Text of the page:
In Acts 17:16-34, Luke (the author) gives us a glimpse into Paul’s evangelistic ministry to difficult audiences. The setting is first-century Athens, a city historically known for very smart and educated people. It’s an unlikely place to find success as a Christian missionary, but the story ends with people believing in Paul’s message.
Here are what I think are four lessons that we as Christians can take from this passage that will help us maintain the right perspective when it comes to sharing our faith:
- Be genuinely concerned for the spiritual needs around you
The driving force behind Paul’s evangelism was love for the unbelieving world. Paul began sharing his faith in Christ because he was burdened for the Athenians and their spiritual bondage. He saw their idols, recognized their need for Christ, and was compelled to share with them. And in sharing, he did not just go after the “easy” converts. He went to the marketplace and conversed with the philosophers, and was eventually invited to go to Mars Hill and present his message to the smartest of the smart. He went and talked to these smart and educated people, knowing it was going to be a hard sell. Why? Because he was concerned for their souls. Likewise, we should be concerned for those around us. If we are, we will be compelled to share our faith.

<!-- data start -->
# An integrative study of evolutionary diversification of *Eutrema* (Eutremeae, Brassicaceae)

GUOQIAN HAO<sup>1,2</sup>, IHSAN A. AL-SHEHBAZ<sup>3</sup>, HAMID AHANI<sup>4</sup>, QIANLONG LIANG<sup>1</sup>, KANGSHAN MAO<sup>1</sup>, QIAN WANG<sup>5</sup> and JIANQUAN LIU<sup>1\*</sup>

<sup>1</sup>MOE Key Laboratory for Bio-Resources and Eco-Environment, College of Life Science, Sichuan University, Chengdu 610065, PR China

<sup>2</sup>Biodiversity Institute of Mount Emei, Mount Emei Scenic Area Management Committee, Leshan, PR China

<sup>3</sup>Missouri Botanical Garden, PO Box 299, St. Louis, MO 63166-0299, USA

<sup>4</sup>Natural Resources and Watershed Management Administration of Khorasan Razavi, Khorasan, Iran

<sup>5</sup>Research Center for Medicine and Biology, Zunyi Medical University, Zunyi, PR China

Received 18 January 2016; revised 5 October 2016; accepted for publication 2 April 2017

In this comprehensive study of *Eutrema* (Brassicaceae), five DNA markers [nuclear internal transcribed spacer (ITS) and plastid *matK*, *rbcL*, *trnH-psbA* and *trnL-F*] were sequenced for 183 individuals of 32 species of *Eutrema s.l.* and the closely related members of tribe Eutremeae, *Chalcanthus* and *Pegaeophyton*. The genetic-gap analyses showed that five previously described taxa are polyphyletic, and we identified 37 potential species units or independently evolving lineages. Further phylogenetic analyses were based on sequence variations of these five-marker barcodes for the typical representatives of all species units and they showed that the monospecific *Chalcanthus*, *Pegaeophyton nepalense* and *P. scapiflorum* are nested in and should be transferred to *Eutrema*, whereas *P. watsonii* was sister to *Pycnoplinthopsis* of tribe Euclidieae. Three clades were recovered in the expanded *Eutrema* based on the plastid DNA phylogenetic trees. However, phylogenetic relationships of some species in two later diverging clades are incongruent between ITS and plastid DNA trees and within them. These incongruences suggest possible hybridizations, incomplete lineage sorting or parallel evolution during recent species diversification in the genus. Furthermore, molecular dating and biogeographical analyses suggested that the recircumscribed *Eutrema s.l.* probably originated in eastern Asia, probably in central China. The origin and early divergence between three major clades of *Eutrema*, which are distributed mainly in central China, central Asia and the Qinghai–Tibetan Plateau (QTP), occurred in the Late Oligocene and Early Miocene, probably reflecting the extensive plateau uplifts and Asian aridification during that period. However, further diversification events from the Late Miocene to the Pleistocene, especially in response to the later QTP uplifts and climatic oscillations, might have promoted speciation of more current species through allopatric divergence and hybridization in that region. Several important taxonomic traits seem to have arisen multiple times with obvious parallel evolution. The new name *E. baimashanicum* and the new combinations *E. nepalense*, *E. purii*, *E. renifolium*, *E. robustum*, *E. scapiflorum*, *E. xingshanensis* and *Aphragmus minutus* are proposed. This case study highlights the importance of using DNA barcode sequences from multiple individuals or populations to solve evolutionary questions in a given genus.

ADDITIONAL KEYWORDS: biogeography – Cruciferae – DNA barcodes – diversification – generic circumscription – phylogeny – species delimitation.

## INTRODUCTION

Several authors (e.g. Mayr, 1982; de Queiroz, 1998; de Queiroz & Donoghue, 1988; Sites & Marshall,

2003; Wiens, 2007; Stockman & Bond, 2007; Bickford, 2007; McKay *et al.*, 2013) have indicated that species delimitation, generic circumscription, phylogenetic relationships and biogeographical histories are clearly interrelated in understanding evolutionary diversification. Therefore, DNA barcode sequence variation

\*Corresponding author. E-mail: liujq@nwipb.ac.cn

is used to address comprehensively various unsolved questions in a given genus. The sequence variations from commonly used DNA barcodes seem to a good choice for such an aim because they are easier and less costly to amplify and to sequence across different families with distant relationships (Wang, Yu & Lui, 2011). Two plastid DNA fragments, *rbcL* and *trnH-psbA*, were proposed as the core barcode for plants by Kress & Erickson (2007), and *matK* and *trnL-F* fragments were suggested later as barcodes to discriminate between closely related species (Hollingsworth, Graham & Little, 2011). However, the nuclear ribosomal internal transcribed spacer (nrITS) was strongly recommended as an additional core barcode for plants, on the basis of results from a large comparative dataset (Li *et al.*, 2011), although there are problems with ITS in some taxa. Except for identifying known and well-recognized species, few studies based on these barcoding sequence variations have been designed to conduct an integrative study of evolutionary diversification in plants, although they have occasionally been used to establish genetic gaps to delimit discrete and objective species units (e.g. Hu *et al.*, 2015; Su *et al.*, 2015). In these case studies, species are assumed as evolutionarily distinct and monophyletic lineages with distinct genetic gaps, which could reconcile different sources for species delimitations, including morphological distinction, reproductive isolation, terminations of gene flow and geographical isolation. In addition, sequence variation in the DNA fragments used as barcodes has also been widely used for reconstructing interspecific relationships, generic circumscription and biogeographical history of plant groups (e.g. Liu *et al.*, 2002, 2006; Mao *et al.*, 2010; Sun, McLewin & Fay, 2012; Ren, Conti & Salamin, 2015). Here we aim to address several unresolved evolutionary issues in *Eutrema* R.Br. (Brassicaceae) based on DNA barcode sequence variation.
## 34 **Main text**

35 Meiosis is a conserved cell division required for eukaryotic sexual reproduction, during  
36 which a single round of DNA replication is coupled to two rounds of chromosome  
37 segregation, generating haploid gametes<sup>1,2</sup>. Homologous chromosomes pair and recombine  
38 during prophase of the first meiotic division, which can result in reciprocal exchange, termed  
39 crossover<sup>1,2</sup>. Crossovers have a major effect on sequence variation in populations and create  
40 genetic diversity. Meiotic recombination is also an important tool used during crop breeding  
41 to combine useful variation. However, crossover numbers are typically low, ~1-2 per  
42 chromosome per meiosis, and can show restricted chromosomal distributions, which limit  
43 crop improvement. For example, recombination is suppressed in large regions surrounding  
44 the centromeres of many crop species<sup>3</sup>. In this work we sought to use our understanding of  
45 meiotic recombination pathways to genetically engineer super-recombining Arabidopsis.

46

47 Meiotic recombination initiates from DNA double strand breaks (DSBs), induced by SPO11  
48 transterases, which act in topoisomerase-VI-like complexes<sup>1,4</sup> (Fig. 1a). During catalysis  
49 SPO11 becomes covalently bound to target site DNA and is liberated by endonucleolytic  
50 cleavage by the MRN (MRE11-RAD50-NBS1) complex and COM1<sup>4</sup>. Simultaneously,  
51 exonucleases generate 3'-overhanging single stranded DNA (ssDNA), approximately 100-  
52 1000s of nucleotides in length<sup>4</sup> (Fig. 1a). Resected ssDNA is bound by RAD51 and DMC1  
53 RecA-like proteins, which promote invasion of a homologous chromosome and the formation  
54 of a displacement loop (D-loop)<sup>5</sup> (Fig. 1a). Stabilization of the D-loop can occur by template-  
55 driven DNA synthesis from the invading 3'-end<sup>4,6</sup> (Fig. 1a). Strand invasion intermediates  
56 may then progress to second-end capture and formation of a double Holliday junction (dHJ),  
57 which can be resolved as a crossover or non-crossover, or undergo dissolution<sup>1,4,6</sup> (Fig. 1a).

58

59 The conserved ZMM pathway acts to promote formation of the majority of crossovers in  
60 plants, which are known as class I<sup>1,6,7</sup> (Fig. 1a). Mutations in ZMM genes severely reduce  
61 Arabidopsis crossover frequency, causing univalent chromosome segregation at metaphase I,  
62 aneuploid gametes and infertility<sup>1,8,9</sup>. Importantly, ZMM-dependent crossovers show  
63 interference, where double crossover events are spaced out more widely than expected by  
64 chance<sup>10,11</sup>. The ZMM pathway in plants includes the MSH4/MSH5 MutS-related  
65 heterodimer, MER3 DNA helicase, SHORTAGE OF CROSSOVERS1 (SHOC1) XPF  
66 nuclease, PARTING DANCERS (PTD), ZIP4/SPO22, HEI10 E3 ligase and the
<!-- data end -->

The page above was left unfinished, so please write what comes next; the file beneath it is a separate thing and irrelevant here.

- Be confident in the Gospel message
Paul knew his audience, so he knew that preaching the resurrection would appear quite foolish. Even so, he does not shy away from proclaiming it. If the Gospel is the power of God for salvation to those who believe (Romans 1:16), then it follows that boldness in declaring it is required. If we are not confident in the message, we will never declare the strange parts of it. But if we are confident in the Gospel, we will be able to share with people everything that they need to know, including the stuff that sounds pretty weird. After all, if you honestly believe that a man came back from the dead, why wouldn’t you see that as a story worth sharing?
- Be gentle and respectful when discussing your faith with unbelievers